Found and Photographed: Baseballs at Barrett Park

Don Hamerman
Don Hamerman
Gerry

Don Hamerman

When Don Hamerman walks his dog on a baseball field near his Stamford, Conn. home—where most people spot torn cowhide—the freelance photographer sees something more charming. “The simplest thing to say is that they look pretty,” Hamerman says of the used baseballs he started collecting and photographing seven years ago. “They’re intriguing, interesting. They speak of memory, all the stuff you can say about baseball. Childhood, all that.”

Hamerman would find the objects of his new series—My Found Baseballs—along the edges of the field, under leaves and behind bushes. “A winter morning might turn up one covered in ice crystals,” he says. One ball looks like a satellite view of a green earth, with the moss shaped like the land masses of the western hemisphere, in reverse.

In 1938, Hall of Famers Johnny Mize, Dizzy Dean and other members of the St. Louis Cardinals “Gashouse Gang” barnstormed through the baseball field that Hamerman frequents, now known as Barrett Park. Did one of these balls fly off the bat of Mize, who in 1947 hit 51 home runs for the New York Giants? “I wish I could do some carbon dating or something,” says Hamerman.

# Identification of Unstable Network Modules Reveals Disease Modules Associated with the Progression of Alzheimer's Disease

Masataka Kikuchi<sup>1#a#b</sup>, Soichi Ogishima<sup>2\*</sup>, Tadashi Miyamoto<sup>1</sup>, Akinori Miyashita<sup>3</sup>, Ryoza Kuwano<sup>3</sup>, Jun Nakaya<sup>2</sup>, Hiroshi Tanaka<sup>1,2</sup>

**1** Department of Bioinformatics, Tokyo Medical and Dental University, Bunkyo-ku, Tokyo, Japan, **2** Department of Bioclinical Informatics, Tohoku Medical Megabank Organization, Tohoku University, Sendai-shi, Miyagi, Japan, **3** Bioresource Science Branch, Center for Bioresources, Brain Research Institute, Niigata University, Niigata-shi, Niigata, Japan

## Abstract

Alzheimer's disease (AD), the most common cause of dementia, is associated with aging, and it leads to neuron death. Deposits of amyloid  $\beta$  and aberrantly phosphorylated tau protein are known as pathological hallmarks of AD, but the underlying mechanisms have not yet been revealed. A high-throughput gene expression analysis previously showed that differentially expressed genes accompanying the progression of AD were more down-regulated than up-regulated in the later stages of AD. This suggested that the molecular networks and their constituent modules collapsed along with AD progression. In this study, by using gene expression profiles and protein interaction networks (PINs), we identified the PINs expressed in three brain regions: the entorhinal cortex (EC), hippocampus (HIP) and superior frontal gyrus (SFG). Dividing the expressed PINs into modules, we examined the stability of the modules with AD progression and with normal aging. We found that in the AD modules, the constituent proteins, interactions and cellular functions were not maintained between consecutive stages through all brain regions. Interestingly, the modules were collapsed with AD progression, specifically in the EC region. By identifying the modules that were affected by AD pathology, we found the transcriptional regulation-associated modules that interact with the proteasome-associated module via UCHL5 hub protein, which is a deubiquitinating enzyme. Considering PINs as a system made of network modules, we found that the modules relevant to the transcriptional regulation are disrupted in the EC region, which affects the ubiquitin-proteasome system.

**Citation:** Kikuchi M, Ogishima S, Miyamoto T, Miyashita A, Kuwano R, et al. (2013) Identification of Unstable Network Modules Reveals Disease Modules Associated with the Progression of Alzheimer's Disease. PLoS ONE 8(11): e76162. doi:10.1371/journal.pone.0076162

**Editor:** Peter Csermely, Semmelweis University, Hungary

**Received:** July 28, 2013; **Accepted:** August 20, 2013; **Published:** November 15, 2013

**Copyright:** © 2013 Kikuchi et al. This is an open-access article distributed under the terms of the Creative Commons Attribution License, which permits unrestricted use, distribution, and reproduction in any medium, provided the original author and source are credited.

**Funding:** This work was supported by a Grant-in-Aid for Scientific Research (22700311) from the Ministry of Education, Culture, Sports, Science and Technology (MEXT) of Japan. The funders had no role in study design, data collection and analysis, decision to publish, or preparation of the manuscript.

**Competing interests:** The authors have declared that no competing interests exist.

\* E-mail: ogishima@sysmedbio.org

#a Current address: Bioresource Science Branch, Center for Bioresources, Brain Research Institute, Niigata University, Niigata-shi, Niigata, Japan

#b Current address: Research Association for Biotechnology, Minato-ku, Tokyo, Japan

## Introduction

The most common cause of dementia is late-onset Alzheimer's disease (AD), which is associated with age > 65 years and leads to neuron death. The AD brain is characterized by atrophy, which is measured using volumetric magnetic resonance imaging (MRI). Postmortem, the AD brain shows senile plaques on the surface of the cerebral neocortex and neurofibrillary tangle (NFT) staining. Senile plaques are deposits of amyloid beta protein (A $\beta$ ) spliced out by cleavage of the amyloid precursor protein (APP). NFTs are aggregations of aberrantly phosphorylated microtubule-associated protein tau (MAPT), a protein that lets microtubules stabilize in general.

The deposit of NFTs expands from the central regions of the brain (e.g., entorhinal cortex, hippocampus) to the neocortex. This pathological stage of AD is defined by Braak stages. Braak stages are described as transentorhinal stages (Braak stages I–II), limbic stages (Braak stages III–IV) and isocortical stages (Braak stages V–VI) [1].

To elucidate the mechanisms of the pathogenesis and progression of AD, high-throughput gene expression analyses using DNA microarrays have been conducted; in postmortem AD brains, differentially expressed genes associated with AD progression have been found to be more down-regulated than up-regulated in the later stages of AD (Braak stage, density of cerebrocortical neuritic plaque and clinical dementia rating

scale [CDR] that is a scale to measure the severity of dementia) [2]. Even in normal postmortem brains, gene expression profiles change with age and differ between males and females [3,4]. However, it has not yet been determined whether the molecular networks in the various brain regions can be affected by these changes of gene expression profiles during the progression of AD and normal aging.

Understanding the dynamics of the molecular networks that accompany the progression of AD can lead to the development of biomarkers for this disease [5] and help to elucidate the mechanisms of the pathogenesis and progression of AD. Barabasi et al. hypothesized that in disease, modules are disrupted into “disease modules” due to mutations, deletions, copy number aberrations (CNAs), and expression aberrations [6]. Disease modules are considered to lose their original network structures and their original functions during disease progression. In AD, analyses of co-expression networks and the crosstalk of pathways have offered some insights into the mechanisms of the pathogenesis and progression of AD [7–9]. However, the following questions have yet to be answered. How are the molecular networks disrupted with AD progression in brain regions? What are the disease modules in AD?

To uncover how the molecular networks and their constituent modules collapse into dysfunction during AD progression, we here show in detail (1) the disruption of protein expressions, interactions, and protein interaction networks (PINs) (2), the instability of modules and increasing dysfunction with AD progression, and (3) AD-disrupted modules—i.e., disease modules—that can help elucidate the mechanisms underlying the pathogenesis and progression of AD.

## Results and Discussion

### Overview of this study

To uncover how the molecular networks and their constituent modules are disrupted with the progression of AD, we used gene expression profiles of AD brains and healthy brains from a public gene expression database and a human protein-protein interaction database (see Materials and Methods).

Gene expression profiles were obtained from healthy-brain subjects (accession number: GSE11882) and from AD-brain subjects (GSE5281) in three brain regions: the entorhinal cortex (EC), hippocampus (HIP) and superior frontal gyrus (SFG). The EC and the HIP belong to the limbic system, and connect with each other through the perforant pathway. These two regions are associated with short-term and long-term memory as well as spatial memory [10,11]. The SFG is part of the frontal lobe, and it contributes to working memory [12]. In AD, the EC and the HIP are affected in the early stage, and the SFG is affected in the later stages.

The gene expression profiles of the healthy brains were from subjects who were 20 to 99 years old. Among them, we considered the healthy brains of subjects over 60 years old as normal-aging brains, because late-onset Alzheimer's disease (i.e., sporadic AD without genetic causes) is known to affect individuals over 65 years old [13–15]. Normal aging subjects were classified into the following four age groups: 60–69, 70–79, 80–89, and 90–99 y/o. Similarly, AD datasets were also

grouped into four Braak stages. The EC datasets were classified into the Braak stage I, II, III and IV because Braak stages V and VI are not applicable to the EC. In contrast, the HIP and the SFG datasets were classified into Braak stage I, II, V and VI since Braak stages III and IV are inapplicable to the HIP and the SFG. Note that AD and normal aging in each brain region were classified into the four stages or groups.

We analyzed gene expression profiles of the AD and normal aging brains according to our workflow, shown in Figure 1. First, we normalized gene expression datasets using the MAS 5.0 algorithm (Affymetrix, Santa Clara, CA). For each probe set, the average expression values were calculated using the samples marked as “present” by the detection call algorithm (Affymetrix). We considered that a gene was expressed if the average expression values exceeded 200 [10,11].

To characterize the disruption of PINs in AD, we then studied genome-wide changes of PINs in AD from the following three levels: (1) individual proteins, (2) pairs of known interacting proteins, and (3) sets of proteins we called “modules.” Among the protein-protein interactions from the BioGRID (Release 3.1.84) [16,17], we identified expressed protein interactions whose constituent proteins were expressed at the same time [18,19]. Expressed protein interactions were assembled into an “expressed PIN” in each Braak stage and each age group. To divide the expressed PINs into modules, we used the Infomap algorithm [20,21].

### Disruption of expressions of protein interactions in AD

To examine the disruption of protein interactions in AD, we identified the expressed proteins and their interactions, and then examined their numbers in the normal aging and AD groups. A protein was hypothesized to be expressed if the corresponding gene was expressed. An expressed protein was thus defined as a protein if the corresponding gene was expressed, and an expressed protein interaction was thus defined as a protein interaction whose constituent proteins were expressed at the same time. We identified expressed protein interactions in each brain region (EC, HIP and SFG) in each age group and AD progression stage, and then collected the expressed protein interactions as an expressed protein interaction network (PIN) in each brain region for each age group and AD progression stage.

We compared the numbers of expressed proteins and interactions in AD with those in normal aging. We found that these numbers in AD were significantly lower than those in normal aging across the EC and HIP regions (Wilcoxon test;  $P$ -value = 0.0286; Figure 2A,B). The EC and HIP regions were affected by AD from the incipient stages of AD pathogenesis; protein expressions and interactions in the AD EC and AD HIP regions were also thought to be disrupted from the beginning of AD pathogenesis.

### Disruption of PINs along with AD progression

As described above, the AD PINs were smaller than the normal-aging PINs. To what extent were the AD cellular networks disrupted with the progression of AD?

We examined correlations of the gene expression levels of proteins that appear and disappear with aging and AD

We’re glad he didn’t. Because that mystery—who once loved that seamless baseball?—is part of the appeal.

Don Hamerman is a freelance photographer based in Stamford, Connecticut. See more of his work here. Don has prints for sale of some of his work here.

Sean Gregory is a staff writer at TIME. You can follow him on Twitter @SeanMGregory

Related Topics: , , , , , , , , , ,

Latest Posts

Hidden Islam, Nicolò Degiorgis

Hidden Islam: Nicolo Degiorgis Charts the Challenges of Being Muslim in Italy

In Hidden Islam, a new award-winning photobook by Italian photographer Nicolo Degiorgis, Islamic makeshift places of worship are revealed

Read More
The Ebola Crisis, Gulu, Uganda, 2000

Picturing Ebola: Photographers Chase an Invisible Killer

HONDURAS - IMMIGRATION

Immigration Crisis: Photographing the Violence Behind the Honduras Exodus